Depression in persons with diabetes by age and antidiabetic treatment: a cross-sectional analysis with data from the Hordaland Health Study.

Published online

Journal Article

BACKGROUND: Persons with diabetes have increased risk of depression, however, studies addressing whether the risk varies by age and type of antidiabetic treatment have yielded conflicting results. The aim of this study was to investigate if the association between diabetes and depression varied by type of antidiabetic treatment in a large community based sample of middle-aged (40-47 years) and older adults (70-72 years). METHODS: Data from 21845 participants in the Hordaland Health Study (HUSK) were analyzed in a cross-sectional design. Diabetes was assessed by self-report and classified as un-medicated, treated by oral antidiabetic agents or by insulin. Depression was defined as a score ≥ 8 on the depression subscale of the Hospital Anxiety and Depression Scale and/or self-reported use of antidepressant agents. Associations between diabetes and depression were estimated using logistic regression. RESULTS: Persons in their forties with diabetes had a doubled prevalence of depression (OR: 1.96 (95% C.I.: 1.35, 2.83)) compared to persons without diabetes, while a lower and non-significant association was found among persons in their seventies. Persons in their forties with orally treated diabetes had about three times higher prevalence of depression (OR: 2.92 (95% C.I.: 1.48, 5.77)) after adjustment for gender, BMI, physical activity, alcohol consumption and education, compared to non-diabetic persons in the same age-group. No association between depression and insulin or un-medicated diabetes was found. CONCLUSIONS: Clinicians should be aware that persons in their forties with orally treated diabetes are at a marked increased risk of depression.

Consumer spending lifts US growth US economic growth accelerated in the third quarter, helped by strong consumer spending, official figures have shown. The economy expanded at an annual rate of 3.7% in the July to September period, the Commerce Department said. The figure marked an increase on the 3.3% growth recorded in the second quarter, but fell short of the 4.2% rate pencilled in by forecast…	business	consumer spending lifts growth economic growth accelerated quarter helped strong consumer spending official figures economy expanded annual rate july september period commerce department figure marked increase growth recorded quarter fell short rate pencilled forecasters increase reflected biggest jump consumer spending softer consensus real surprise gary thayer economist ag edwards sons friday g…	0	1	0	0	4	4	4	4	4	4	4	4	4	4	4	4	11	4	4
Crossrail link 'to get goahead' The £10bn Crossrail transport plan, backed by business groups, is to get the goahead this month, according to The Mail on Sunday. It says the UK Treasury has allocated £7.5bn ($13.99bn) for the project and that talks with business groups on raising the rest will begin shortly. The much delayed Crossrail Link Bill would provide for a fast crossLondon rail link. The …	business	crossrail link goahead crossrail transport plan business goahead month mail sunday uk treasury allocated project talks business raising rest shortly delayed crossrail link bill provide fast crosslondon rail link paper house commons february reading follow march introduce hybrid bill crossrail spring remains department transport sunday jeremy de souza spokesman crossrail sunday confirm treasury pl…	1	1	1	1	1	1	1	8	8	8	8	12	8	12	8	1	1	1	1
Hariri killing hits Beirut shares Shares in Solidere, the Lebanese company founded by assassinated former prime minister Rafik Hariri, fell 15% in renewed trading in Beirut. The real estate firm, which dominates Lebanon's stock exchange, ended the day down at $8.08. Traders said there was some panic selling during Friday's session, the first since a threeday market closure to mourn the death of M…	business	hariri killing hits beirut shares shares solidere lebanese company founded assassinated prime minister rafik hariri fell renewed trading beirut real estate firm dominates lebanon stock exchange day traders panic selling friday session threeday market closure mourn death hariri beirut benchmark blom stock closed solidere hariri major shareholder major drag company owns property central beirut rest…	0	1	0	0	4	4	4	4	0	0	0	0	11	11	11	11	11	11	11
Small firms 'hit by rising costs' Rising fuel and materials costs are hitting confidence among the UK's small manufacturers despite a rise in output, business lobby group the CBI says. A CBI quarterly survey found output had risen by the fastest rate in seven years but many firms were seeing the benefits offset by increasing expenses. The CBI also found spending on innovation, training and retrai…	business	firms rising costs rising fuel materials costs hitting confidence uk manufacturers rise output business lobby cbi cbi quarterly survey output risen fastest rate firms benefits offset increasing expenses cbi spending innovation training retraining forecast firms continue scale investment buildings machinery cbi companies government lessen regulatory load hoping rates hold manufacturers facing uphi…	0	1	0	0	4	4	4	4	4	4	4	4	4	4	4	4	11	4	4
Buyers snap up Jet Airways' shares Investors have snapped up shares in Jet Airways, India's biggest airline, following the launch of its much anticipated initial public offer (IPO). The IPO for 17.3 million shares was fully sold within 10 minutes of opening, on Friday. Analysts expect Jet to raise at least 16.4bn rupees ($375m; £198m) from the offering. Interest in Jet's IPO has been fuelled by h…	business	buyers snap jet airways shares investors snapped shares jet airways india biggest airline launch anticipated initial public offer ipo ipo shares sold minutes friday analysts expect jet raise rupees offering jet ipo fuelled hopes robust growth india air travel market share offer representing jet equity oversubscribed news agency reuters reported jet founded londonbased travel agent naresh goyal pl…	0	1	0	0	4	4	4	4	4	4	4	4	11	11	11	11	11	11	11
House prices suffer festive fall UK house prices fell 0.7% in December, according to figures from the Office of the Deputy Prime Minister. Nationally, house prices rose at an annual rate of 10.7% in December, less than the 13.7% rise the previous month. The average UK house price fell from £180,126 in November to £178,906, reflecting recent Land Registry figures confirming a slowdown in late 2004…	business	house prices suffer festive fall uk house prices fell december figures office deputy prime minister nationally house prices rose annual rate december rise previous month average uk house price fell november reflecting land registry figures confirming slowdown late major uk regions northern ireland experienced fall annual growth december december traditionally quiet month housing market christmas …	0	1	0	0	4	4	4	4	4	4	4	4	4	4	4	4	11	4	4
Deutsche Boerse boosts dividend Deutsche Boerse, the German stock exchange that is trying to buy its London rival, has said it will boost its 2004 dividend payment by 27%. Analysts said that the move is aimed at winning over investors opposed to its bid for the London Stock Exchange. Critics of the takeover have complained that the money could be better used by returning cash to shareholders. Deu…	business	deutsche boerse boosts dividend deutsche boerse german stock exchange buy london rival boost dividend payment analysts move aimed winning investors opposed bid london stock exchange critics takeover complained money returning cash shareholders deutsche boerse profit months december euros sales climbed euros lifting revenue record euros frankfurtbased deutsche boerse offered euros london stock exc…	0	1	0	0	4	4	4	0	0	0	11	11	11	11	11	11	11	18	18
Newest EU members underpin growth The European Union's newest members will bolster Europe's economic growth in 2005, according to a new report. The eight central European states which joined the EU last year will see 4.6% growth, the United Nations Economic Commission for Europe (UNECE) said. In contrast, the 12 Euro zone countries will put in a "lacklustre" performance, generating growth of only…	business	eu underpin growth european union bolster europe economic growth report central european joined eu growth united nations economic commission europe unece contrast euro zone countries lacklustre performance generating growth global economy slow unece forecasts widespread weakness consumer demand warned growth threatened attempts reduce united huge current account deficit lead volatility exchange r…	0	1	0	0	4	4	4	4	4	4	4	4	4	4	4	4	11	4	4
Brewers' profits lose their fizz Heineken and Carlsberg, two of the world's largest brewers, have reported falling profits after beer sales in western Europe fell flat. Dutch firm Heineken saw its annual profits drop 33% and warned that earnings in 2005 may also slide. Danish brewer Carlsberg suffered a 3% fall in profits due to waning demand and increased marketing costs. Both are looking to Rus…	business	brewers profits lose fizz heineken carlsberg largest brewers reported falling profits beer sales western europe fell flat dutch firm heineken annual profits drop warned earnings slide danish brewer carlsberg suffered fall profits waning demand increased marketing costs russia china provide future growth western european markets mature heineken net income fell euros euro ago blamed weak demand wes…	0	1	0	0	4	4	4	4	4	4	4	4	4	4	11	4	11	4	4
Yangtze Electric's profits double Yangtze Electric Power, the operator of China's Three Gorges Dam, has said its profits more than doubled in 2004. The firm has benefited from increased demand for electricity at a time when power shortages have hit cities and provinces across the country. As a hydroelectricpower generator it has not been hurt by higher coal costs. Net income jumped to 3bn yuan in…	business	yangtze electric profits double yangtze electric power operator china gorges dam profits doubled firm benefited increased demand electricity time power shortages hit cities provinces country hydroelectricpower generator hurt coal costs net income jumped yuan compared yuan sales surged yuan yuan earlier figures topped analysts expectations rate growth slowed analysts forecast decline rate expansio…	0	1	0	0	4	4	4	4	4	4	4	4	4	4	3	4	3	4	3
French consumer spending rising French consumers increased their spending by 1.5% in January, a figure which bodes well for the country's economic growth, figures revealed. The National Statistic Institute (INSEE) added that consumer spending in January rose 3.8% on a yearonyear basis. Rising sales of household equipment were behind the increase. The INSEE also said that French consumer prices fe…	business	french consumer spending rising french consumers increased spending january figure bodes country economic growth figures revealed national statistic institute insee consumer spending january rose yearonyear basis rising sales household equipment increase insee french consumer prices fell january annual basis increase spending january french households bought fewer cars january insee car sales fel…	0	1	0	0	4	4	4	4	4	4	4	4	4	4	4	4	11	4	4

Full Text

Duke Authors

Cited Authors

  • Berge, LI; Riise, T; Tell, GS; Iversen, MM; Østbye, T; Lund, A; Knudsen, AK

Published Date

  • 2015

Published In

Volume / Issue

  • 10 / 5

Start / End Page

  • e0127161 -

PubMed ID

  • 26010615

Pubmed Central ID

  • 26010615

Electronic International Standard Serial Number (EISSN)

  • 1932-6203

Digital Object Identifier (DOI)

  • 10.1371/journal.pone.0127161


  • eng

Conference Location

  • United States